Orbital ATK and NASA celebrated a highly-successful ground qualification test (QM-1) last spring of the five-segment solid rocket booster motor we are developing for NASA’s Space Launch System—NASA’s new heavy-lift rocket that will take humans farther into space than we’ve ever ventured. Looking for a repeat, Orbital ATK is preparing for a second qualification test (QM-2), scheduled for this summer.
While QM-1 tested the rocket motor’s performance at a high temperature, QM-2 will assess the motor’s performance at the colder end of its accepted propellant temperature range. In addition, technicians will install Developmental Flight Instrumentation and collect avionics performance data, and accumulate a vast amount of data that will further support the motor’s capability. A full scale ground test is a unique test bed, and the goal is to gather as much information as possible from this final test to support booster qualification.
Additionally, QM-2 will include the four booster separation motors that will be attached to the aft skirt. While the BSMs are not going to be live, we will receive valuable structural dynamics data. After qualification is complete, the boosters will then be ready to proceed toward the first flight of SLS and Orion, known as EM-1, in 2018. The QM-2 test team is making significant progress toward meeting the June 2016 QM-2 test date. All five segments have been successfully cast with propellant at Orbital ATK’s Promontory, Utah, facility, and by early March the segments will all be in the Promontory, Utah, T-97 test bay, ready for integration.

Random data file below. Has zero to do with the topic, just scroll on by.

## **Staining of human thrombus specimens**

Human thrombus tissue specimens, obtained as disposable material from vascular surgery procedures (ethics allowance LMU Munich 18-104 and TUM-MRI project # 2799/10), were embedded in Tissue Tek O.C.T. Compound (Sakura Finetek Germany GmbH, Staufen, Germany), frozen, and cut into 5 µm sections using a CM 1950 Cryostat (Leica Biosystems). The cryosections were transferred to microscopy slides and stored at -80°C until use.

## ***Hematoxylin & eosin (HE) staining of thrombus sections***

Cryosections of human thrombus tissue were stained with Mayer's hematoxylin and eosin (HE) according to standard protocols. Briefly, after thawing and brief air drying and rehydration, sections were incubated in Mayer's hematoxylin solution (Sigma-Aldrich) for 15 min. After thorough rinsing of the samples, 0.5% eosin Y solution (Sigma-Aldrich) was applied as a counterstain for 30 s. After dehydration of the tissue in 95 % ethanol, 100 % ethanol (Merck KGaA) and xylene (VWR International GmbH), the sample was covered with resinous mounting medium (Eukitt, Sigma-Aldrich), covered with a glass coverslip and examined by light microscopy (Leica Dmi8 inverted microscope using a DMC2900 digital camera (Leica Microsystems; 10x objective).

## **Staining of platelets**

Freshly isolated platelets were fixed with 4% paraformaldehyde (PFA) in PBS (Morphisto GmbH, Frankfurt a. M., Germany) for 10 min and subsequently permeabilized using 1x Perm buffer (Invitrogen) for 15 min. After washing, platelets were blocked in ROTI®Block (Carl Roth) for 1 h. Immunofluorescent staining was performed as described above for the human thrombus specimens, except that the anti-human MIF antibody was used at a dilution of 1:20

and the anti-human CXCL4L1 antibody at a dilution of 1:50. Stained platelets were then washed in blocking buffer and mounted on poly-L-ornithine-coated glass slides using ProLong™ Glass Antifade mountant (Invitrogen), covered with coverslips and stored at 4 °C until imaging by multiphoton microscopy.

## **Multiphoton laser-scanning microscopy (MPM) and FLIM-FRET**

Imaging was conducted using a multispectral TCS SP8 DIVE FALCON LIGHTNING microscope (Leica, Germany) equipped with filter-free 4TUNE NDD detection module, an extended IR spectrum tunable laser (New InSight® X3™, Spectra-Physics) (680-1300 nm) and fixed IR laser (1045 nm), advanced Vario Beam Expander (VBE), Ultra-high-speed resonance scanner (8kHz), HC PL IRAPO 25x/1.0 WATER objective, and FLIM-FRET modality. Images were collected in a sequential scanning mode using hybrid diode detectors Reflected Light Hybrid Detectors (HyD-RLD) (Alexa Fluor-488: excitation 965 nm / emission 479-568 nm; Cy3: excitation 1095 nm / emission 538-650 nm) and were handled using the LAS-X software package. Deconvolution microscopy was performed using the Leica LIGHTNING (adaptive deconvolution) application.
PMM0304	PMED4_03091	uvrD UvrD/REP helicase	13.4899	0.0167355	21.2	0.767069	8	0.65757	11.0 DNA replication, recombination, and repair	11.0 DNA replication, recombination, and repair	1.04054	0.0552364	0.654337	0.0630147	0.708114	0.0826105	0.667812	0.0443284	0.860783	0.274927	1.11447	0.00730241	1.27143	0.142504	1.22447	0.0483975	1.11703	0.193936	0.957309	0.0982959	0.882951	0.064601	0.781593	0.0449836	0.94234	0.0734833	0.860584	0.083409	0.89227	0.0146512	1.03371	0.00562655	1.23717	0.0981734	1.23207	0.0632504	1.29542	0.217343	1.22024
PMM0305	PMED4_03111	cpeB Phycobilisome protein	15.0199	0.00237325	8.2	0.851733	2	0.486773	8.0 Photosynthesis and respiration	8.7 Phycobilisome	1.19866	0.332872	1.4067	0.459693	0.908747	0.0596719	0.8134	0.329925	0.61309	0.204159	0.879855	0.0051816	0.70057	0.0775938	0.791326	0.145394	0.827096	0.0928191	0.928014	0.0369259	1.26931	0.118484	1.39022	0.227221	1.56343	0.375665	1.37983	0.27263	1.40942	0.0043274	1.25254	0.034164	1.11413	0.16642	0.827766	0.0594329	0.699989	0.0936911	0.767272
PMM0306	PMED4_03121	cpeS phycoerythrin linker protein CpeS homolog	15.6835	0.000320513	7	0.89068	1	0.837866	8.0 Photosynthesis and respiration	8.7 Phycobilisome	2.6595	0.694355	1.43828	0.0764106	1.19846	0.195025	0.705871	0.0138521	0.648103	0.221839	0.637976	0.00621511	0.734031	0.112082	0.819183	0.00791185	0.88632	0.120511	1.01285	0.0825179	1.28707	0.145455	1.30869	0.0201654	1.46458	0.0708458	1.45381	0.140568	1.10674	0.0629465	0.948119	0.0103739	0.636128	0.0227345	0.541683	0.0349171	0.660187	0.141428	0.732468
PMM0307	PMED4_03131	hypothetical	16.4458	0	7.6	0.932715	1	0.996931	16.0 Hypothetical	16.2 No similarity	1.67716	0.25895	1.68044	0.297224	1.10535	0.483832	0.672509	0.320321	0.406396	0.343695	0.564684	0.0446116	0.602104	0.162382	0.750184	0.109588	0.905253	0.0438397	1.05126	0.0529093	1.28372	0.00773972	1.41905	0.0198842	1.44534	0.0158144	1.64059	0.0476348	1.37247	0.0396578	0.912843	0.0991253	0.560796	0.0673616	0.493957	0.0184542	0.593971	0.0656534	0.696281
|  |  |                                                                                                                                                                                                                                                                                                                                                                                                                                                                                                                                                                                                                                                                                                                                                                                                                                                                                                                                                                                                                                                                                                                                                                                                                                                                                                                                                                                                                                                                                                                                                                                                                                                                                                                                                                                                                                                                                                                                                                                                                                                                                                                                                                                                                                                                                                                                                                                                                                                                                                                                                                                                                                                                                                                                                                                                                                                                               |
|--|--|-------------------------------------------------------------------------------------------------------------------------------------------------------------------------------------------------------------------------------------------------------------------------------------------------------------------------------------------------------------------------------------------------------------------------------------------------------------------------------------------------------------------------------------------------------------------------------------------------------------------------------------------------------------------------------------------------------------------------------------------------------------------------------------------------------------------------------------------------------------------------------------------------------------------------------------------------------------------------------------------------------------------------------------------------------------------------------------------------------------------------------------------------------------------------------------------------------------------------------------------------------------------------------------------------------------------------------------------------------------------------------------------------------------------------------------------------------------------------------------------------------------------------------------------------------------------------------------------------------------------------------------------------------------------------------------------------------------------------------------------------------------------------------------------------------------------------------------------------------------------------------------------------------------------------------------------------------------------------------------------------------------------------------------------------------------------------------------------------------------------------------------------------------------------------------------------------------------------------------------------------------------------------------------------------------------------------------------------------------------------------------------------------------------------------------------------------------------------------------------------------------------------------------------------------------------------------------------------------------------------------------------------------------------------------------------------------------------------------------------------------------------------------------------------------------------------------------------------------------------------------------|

“The five segments have effectively completed all non-destructive evaluation with no defect indications and are ready to be incorporated in T-97,” said Fred Brasfield, Orbital ATK Vice President for NASA Programs. “Nozzle installation is also complete – the next major event for the program is the aft exit cone mate around mid-April, followed by initiation of cold conditioning the motor in preparation for test.”
Building on three decades of knowledge and experience gained with the space shuttle, the SLS booster is the largest, most powerful solid propellant booster ever built for flight. The booster has been enhanced with the latest technology including a number of design, process and testing improvements for greater performance, safety and affordability.
Standing 17 stories tall and burning approximately six tons of propellant every second, each booster generates more maximum thrust than 14 four-engine jumbo commercial airliners. With more payload mass and volume than any existing rocket, as well as more energy to send missions through space, SLS has the capability to send human and robotic explorers to deep space destinations including asteroids and eventually Mars and beyond.